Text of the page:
A hubub continued, wherein I spoke to the surgeons and they spoke to her again...then I spoke to her again...and she had severe concerns that she would be aborting a soul, an unborn child. That she would be killing her baby. All her concerns were serious and appropriate. I knew I could not force her to have the surgery, and I also knew that the surgeons were waiting at the OR doors, transfixed at what was going to happen when I came out of the curtains around her bed. What could I tell her?
I told her that I believed the fetus was a soul that God made, but it was growing in a place that would cause her to bleed to death, if it was not removed. I stated that I do not and have not ever provided anesthesia for an elective abortion, and that I was a Christian with strong beliefs. Her eyes and her ears hung on every word I said, and I chose my words carefully. It was her decision, not mine. I could only offer my beliefs, my experience, and put my words in a careful picture that would determine her next step. As of now, she refused to have surgery because she felt she would be aborting a baby, a soul. This I understood. But she was alive and I knew we could save her life, so I had to get to her heart, her soul, and her mind. I prayed for guidance.
She needed time to think. So i walked away and paced the hallway of the ORs, looking down at my blue scrub shoe covers and wondering if they would have blood on them within the next 30 minutes.
Then an astounding encounter occurred.
The Attending Anesthesiologist who was in charge that night...she saw me walking in the hallway. I noted that her pace picked up as she drew nearer to me, and there was no one else in the hallway except for us two.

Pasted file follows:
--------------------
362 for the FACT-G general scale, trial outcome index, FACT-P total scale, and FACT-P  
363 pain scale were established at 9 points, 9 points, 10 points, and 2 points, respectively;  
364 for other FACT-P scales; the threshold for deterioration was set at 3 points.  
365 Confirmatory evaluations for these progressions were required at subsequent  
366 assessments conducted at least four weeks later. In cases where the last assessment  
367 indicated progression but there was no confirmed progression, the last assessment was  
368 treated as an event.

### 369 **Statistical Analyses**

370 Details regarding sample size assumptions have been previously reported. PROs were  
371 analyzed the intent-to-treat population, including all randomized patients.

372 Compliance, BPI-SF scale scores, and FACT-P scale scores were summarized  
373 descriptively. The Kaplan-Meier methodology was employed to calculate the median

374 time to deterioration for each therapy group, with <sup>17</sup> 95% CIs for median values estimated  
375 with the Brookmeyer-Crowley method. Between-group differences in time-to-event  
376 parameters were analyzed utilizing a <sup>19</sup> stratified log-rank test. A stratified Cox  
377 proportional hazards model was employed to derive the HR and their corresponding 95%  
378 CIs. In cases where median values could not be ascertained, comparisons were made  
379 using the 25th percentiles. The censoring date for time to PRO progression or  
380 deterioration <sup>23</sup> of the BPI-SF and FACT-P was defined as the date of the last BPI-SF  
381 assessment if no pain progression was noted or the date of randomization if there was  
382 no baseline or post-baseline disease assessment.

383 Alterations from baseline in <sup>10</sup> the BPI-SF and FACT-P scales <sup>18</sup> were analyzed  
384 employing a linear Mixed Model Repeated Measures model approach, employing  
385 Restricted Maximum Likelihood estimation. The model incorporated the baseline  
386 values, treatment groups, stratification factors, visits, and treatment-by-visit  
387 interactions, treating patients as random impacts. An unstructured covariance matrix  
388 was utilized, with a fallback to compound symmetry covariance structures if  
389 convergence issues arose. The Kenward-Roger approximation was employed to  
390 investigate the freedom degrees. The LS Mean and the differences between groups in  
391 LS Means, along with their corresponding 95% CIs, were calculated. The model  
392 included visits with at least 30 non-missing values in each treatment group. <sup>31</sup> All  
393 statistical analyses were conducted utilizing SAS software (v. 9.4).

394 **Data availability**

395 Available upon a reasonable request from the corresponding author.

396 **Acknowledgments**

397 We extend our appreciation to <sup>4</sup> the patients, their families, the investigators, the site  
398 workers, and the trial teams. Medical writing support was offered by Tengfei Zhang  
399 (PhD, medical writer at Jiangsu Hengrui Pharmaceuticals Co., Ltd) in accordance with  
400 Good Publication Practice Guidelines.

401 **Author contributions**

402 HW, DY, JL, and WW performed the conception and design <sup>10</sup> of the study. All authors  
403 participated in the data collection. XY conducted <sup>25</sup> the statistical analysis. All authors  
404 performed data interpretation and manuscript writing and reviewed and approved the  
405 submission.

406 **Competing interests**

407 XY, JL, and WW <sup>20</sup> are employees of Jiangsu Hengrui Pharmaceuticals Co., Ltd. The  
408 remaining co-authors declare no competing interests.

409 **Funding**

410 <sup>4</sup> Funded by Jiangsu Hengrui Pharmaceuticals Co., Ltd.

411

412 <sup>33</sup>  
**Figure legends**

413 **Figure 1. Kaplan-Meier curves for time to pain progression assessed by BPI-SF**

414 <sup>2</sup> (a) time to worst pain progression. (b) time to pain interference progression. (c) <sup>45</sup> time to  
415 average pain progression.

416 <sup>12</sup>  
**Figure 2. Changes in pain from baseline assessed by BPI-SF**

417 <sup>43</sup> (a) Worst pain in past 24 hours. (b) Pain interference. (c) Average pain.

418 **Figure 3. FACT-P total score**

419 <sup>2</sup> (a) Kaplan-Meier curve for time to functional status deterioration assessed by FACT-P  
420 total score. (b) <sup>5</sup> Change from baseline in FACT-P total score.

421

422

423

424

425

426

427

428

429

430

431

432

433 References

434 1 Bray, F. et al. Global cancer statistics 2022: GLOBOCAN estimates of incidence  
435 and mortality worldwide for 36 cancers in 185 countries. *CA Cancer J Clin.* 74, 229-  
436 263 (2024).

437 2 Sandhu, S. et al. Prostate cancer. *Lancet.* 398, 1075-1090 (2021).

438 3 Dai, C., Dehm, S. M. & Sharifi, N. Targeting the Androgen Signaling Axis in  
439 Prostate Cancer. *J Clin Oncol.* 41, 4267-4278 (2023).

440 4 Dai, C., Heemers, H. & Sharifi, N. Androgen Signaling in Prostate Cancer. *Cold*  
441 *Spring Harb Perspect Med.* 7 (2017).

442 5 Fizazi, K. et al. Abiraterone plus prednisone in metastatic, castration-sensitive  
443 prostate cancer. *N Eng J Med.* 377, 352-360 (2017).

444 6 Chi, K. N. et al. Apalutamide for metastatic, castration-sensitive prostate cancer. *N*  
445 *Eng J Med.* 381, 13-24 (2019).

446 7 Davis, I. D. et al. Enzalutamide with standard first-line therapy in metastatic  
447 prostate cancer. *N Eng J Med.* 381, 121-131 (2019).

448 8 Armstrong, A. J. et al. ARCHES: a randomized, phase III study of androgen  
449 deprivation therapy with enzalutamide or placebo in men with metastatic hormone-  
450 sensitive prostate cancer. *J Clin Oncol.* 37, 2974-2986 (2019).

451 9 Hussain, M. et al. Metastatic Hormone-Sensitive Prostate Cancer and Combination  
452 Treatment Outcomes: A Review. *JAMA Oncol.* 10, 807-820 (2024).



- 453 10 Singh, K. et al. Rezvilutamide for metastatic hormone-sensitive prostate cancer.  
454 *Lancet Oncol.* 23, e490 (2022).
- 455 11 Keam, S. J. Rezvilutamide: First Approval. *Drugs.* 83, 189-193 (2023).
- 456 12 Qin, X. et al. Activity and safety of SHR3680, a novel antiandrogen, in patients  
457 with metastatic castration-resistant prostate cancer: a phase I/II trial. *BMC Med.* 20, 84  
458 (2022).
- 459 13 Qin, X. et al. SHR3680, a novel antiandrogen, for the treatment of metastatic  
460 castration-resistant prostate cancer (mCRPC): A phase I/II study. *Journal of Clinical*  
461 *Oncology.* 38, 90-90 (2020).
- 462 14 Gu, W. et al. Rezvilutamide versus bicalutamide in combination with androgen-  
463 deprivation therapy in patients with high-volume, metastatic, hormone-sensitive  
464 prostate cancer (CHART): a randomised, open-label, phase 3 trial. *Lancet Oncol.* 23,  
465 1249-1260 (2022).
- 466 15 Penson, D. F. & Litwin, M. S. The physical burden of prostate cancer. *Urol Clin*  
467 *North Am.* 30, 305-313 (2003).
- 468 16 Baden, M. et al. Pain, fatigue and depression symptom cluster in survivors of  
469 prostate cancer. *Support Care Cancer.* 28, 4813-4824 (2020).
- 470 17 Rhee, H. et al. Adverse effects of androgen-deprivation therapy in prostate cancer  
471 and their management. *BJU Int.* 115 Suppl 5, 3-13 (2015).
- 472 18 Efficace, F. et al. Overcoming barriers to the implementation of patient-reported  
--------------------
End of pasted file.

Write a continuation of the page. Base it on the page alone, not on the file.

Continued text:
Before I had a chance to assess what was happening, I was subjected to a tirate, a litany of superlatives....a situation I had never before encountered. This person called me 'lazy', accused me of 'hiding' so I would not have to work....and told me that I was holding up the OR case. Well, had we both been men, I thought it would have been appropriate to slap his face. Instead, I maintained my cool, a characteristic for which I am known to have.
What can one say? Bunches of jumbled thoughts went through my mind as I slipped into 'professional' mode. I may have said something like, "You don't even know me", or "you must have matters mixed up and I have no idea why you are talking to me in this manner'. Or, I may have spurted out, "You have no right to talk to me this way" or "Are you mistaking me for some one else?" After quite a short time, I walked away. I walked away and perhaps I said, "You have no idea who you are talking to."
I marched into the Chair's office, only to find that he was out of town. I asked who was 'covering' for him, and of all people....you wouldn't believe...it was the same person who had just chewed me out. Hmmmm. By this time, my patient should have had enough time to think and her time was running out.